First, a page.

Emotional Intelligence

PSYC 387 – 02 |ART: Advanced Research Topics | 41883

Davina Chan

TR 8:00 – 9:45 AM

This course will examine research on emotional intelligence, methods for developing emotional intelligence, and controversies within the field.  It will begin with a discussion of the various components of emotional intelligence, including the ability to identify and manage one’s emotions, successfully motivate oneself to achieve one’s goals, perceive other people’s emotions accurately, and use emotions to navigate social relationships effectively.  We will then turn to look assessment of emotional intelligence, as well as assessment of the effectiveness of techniques and programs aimed at enhancing emotional intelligence in academic, work, and clinical settings.  Material will be taken from cognitive neuroscience, as well as social and clinical psychology, and will include topics ranging from brain imaging studies on truth wizards, optimists, and effects of mindfulness, to evidence-based therapeutic techniques for cultivating positive emotions and transforming negative emotions.  The course fulfills the advanced research methods requirement in the Psychology major.

Prerequisites: Psychological Statistics and Research Design


Cognitive Neurotherapies

PSYC 388 – 01 |ARM: Advanced Research Methods | 41884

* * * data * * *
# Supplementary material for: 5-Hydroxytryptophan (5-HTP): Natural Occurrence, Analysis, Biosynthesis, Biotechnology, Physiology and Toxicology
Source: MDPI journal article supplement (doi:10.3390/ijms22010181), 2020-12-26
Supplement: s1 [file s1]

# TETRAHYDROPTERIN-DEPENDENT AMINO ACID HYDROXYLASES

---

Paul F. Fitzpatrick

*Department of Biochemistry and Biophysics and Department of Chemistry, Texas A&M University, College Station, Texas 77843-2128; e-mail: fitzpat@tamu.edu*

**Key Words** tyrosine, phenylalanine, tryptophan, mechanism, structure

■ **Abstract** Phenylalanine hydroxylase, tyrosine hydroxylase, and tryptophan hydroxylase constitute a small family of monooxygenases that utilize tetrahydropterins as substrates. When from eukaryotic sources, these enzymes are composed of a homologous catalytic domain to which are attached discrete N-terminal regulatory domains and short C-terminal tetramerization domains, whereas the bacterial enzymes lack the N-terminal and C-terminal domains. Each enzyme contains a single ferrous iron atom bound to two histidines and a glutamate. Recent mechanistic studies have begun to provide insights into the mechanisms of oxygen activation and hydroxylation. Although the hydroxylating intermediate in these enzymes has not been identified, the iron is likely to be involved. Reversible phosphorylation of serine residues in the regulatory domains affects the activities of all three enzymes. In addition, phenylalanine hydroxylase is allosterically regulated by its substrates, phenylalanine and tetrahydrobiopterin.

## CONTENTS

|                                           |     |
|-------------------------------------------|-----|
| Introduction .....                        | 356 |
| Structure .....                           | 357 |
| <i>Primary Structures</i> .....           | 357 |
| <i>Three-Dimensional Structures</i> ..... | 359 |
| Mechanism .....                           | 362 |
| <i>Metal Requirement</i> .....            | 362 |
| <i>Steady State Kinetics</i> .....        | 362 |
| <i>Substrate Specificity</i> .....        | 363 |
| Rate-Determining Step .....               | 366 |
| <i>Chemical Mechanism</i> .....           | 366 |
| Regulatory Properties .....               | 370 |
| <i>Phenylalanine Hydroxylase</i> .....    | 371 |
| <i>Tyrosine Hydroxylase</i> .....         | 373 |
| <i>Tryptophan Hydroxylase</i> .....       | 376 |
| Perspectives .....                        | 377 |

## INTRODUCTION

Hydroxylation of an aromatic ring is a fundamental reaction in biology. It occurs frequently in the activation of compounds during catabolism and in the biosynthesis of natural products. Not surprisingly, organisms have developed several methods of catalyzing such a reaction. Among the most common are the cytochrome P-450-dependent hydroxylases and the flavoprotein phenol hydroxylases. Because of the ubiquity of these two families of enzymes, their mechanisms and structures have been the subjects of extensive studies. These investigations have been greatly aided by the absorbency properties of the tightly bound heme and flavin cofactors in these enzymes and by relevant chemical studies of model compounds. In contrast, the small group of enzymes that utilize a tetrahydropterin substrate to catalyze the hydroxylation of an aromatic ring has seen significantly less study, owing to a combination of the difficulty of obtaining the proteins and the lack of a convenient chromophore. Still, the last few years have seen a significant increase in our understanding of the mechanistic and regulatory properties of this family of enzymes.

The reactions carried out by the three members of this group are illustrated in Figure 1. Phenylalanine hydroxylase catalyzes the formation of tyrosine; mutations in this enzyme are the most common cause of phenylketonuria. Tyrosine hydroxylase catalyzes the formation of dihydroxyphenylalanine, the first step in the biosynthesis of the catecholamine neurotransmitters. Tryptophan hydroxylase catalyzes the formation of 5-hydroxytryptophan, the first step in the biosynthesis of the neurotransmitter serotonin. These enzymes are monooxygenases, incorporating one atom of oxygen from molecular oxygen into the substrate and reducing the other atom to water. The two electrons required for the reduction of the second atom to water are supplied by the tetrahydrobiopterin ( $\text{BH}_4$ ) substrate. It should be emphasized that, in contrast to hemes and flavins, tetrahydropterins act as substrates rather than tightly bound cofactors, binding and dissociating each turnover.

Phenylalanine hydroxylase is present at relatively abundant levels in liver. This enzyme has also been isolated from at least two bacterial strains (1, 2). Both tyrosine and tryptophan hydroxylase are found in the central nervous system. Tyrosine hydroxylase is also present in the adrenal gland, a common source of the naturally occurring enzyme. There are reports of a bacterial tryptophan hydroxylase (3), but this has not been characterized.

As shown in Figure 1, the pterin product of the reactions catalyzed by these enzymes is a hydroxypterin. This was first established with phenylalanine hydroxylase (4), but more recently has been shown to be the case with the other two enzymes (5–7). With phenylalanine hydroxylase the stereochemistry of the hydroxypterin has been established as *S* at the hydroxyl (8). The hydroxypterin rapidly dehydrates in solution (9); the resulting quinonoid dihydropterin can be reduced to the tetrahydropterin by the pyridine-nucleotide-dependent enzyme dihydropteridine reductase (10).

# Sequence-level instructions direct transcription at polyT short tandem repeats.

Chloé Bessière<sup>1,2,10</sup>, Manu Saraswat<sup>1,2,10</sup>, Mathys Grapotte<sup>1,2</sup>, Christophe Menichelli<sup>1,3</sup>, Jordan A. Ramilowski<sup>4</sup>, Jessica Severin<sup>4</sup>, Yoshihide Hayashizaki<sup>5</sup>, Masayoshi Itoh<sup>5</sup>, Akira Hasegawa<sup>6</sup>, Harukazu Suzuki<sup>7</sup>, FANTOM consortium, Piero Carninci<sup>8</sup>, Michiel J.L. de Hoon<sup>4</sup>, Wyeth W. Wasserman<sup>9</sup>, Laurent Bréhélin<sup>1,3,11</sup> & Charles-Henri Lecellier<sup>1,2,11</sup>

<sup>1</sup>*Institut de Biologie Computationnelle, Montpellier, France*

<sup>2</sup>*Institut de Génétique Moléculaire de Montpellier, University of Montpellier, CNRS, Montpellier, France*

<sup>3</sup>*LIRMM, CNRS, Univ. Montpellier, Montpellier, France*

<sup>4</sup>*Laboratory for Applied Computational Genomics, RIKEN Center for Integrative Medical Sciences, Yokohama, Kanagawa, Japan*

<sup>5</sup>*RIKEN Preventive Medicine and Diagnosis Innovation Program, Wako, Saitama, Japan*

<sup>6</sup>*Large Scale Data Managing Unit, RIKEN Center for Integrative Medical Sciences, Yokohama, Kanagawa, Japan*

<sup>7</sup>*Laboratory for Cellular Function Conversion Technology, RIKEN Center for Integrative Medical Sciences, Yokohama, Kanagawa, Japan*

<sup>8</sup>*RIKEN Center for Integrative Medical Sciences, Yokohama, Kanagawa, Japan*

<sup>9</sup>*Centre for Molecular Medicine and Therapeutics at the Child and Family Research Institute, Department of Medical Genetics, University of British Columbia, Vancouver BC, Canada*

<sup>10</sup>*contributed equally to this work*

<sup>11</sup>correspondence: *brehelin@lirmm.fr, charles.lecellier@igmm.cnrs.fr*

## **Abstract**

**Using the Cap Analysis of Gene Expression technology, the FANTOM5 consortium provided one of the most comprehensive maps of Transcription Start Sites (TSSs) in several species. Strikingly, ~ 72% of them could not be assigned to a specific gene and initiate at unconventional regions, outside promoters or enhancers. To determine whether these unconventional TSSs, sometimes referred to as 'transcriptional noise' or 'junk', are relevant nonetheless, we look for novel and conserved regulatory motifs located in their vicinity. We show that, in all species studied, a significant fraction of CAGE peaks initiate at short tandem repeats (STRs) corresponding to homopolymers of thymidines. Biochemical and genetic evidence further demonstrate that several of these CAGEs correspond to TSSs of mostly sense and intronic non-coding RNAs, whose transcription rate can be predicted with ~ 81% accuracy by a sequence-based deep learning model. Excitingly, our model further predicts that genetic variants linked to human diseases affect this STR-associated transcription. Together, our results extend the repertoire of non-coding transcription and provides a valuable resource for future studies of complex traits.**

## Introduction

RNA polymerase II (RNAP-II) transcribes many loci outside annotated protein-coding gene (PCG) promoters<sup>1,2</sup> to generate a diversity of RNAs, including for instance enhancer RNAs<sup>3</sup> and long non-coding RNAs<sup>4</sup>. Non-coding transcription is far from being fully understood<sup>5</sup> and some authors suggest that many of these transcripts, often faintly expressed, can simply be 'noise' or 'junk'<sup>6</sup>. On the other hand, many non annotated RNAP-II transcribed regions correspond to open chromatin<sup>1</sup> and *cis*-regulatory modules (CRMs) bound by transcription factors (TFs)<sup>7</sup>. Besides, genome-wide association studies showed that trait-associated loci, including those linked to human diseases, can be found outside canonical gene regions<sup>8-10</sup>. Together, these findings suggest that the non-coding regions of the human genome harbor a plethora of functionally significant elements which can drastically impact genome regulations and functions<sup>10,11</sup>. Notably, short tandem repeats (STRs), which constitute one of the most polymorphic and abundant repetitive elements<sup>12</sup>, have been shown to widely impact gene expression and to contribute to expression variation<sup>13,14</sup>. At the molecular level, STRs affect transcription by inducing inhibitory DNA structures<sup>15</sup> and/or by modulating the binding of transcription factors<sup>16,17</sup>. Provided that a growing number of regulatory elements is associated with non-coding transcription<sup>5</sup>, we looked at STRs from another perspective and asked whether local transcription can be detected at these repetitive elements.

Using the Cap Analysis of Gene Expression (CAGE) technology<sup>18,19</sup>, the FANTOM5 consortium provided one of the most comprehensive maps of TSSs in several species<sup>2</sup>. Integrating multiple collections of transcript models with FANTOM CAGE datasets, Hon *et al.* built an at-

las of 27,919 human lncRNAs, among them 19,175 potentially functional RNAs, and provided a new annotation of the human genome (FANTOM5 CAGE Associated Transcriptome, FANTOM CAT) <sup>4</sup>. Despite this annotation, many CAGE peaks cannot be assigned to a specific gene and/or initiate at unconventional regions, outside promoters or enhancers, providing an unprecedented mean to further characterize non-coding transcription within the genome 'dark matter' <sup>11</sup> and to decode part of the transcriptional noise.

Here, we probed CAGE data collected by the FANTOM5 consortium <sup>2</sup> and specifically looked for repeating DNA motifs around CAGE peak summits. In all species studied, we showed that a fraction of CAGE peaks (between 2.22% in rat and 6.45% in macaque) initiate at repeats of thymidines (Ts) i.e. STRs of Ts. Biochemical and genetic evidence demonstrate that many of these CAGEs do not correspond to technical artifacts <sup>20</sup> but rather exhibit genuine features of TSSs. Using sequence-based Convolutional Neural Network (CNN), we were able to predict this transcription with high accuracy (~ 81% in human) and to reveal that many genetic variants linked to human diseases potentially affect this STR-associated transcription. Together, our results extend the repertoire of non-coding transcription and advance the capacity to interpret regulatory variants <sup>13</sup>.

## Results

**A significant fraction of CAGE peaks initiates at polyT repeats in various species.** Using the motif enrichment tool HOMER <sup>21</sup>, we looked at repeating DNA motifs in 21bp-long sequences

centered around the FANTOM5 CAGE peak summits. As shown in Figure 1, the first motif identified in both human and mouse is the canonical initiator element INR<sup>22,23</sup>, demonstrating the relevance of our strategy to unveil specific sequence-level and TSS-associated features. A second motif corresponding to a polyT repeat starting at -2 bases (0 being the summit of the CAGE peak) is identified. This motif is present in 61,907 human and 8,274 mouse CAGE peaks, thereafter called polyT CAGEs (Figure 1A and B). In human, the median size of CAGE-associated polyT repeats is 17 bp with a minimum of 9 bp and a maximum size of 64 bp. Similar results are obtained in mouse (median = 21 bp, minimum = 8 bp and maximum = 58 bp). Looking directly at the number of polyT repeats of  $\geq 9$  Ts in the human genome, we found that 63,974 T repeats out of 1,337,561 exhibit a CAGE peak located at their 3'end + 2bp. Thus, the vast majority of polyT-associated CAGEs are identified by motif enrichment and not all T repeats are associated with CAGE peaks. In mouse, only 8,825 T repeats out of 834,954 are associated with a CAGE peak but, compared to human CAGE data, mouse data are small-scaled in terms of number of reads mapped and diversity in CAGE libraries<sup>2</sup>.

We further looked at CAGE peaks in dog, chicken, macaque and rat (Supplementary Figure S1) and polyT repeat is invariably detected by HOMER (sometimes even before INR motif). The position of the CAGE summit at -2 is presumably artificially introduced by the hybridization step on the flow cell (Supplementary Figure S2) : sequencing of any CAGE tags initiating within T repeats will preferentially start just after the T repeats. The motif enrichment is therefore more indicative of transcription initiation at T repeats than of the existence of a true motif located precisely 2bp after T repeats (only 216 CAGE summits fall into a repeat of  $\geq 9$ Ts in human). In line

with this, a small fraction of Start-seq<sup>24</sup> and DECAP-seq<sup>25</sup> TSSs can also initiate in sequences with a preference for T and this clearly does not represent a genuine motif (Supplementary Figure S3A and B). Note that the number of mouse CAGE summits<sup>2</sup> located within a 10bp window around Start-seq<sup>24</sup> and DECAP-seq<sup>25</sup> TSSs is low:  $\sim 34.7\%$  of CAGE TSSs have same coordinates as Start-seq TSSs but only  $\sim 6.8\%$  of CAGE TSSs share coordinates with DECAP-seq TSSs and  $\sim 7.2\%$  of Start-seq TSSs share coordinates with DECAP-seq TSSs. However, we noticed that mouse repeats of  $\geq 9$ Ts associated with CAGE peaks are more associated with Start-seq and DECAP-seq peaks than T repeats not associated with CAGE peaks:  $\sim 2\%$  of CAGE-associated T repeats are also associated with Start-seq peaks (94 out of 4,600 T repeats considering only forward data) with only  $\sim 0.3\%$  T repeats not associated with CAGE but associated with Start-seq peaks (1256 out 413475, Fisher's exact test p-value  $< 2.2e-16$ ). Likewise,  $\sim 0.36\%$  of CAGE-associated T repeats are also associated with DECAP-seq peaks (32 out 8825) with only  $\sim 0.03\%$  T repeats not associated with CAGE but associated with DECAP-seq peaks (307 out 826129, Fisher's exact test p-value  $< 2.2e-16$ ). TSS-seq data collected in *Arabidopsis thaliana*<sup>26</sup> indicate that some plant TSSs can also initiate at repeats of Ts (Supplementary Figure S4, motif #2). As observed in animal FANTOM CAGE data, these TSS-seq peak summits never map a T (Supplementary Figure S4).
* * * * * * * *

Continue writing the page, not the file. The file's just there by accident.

David Ziegler

TR 4:35 PM – 6:20 PM

This course will critically examine research on the effectiveness of different therapeutic approaches for several human neuropsychiatric, neurodevelopmental, and neurodegenerative illnesses – such as autism, ADHD, Alzheimer’s disease, and PTSD – that result from dysfunction in key brain systems. We will also discuss the use of these interventions for cognitive enhancement in healthy young adults. Therapies will include pharmaceutical agents, brain stimulation, cognitive training, lifestyle modifications (e.g., exercise and diet), and integrative practices (e.g., mind-body approaches). Students will learn about the design and conduct of Randomized Controlled Trials (RCTs) to evaluate the efficacy of interventions and will have an opportunity to conduct their own research project by analyzing publicly available data from one of several large-scale clinical trials of cognitive interventions.


How Technology Shapes Thought

PSYC 388 – 02 |ARM: Advanced Research Methods | 41885

Indre Viskontas

TR 9:55 AM – 11:40 AM

Socrates famously predicted that a new invention would turn our brains into mush: writing. The fear that technology will change how we think is not new. But the amount of time we now spend interacting with devices like cell phones, computers, and video games is unprecedented. What is the effect of ubiquitous technology on our brains? Is Google slowly destroying our memory? Have our attention spans been decimated by scrolling through Facebook feeds and Twitter? What does science say about the relative impact on kids of smartphones, with their constant text, Instagram, and Snapchat interruptions?  By outsourcing menial mental tasks like navigating through a city or remembering facts, are we sacrificing our brain’s potential? Or are we leaving ourselves more time for deep thinking and creativity, human traits that arguably can’t be beat by artificial intelligence? In this class, we will survey the findings in this emerging field of research, and use the internet to collect and interpret data relevant to the topic at hand.